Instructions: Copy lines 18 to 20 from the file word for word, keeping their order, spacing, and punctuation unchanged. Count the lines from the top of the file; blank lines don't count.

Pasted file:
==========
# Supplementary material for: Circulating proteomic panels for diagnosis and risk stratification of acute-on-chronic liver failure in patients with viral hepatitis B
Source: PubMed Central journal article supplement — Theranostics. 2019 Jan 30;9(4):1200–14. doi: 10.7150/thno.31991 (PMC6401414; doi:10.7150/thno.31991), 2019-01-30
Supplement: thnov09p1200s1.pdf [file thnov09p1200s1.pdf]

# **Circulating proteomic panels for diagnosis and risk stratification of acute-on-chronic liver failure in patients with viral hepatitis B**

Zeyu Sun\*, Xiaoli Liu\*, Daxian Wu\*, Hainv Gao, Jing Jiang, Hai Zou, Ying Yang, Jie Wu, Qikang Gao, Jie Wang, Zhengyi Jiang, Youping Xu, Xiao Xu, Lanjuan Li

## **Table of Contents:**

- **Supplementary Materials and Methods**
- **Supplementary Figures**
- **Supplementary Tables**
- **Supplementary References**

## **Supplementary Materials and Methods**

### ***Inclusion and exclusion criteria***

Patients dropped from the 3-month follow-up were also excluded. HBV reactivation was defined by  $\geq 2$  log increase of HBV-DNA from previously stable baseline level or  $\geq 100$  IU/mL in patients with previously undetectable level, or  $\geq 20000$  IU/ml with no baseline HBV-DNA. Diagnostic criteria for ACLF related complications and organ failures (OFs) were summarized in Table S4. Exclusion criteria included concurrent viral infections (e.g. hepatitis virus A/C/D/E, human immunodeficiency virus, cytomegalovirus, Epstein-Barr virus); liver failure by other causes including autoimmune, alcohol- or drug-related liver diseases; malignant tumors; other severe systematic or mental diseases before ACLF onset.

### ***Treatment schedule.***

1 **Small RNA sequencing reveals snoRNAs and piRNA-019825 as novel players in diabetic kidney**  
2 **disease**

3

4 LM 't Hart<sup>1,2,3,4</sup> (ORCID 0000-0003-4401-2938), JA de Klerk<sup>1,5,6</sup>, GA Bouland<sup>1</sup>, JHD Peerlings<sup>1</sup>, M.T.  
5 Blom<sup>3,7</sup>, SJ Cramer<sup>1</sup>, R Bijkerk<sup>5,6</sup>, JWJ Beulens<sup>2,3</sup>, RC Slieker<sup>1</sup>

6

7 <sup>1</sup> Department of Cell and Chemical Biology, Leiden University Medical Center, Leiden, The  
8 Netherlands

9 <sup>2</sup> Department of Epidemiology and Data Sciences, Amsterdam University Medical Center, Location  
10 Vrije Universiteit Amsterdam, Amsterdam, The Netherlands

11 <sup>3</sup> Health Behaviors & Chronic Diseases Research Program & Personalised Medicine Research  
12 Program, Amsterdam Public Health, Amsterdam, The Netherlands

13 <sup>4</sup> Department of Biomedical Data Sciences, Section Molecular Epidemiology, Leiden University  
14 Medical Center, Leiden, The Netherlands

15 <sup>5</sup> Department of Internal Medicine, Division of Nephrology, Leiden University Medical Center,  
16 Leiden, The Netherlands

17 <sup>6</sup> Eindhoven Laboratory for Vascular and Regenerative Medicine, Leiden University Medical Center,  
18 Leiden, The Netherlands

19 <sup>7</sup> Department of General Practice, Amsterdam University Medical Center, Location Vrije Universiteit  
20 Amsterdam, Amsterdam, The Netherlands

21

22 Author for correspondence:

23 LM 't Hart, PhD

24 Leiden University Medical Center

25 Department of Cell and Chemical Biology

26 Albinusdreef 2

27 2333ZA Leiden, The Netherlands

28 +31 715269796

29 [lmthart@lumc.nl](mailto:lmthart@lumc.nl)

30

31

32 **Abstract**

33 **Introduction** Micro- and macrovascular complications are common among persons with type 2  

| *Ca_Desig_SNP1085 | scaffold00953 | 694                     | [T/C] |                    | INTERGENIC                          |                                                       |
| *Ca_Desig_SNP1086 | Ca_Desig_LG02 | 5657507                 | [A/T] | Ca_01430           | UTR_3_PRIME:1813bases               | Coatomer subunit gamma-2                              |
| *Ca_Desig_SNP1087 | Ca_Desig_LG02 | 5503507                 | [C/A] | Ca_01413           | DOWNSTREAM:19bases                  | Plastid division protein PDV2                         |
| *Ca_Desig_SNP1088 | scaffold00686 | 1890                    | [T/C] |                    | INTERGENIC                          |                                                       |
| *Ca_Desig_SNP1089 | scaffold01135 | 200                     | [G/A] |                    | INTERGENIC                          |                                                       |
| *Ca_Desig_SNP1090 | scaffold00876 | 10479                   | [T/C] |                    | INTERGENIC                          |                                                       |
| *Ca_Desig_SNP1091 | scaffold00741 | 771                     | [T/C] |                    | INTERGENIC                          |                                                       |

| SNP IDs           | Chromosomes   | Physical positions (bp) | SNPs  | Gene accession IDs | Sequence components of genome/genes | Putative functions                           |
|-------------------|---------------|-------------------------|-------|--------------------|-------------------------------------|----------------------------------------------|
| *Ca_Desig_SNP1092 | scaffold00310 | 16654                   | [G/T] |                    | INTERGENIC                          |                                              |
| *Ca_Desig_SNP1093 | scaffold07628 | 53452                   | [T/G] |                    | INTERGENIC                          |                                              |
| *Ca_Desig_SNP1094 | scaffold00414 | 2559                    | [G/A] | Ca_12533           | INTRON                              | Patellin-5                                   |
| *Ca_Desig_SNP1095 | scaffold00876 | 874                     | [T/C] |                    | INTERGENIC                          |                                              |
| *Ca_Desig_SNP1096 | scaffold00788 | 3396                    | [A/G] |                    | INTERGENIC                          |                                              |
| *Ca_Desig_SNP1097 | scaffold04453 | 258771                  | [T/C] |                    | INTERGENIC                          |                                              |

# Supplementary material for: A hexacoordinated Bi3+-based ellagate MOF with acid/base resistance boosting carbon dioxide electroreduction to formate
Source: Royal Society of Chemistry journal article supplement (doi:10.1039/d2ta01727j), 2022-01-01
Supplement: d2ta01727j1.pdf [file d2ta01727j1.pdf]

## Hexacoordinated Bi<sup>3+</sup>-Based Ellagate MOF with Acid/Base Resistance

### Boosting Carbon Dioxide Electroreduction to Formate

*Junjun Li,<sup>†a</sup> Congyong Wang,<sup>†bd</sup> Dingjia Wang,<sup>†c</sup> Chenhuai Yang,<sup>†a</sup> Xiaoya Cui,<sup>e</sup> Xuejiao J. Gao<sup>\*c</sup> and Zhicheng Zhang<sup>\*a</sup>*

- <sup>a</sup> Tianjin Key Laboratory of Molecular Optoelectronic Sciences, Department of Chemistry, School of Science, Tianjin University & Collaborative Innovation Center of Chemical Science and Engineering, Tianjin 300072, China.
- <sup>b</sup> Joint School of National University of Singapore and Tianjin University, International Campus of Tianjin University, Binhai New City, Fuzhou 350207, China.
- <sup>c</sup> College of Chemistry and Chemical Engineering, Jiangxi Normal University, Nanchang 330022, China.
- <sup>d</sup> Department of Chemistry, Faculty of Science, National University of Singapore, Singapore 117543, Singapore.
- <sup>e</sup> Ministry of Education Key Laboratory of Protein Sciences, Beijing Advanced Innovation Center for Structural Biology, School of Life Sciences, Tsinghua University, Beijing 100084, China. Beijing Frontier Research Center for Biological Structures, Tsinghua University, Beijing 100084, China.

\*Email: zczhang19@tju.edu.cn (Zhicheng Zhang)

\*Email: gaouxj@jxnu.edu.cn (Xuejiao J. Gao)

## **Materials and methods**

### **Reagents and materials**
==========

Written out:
4 LM 't Hart<sup>1,2,3,4</sup> (ORCID 0000-0003-4401-2938), JA de Klerk<sup>1,5,6</sup>, GA Bouland<sup>1</sup>, JHD Peerlings<sup>1</sup>, M.T.  
5 Blom<sup>3,7</sup>, SJ Cramer<sup>1</sup>, R Bijkerk<sup>5,6</sup>, JWJ Beulens<sup>2,3</sup>, RC Slieker<sup>1</sup>

6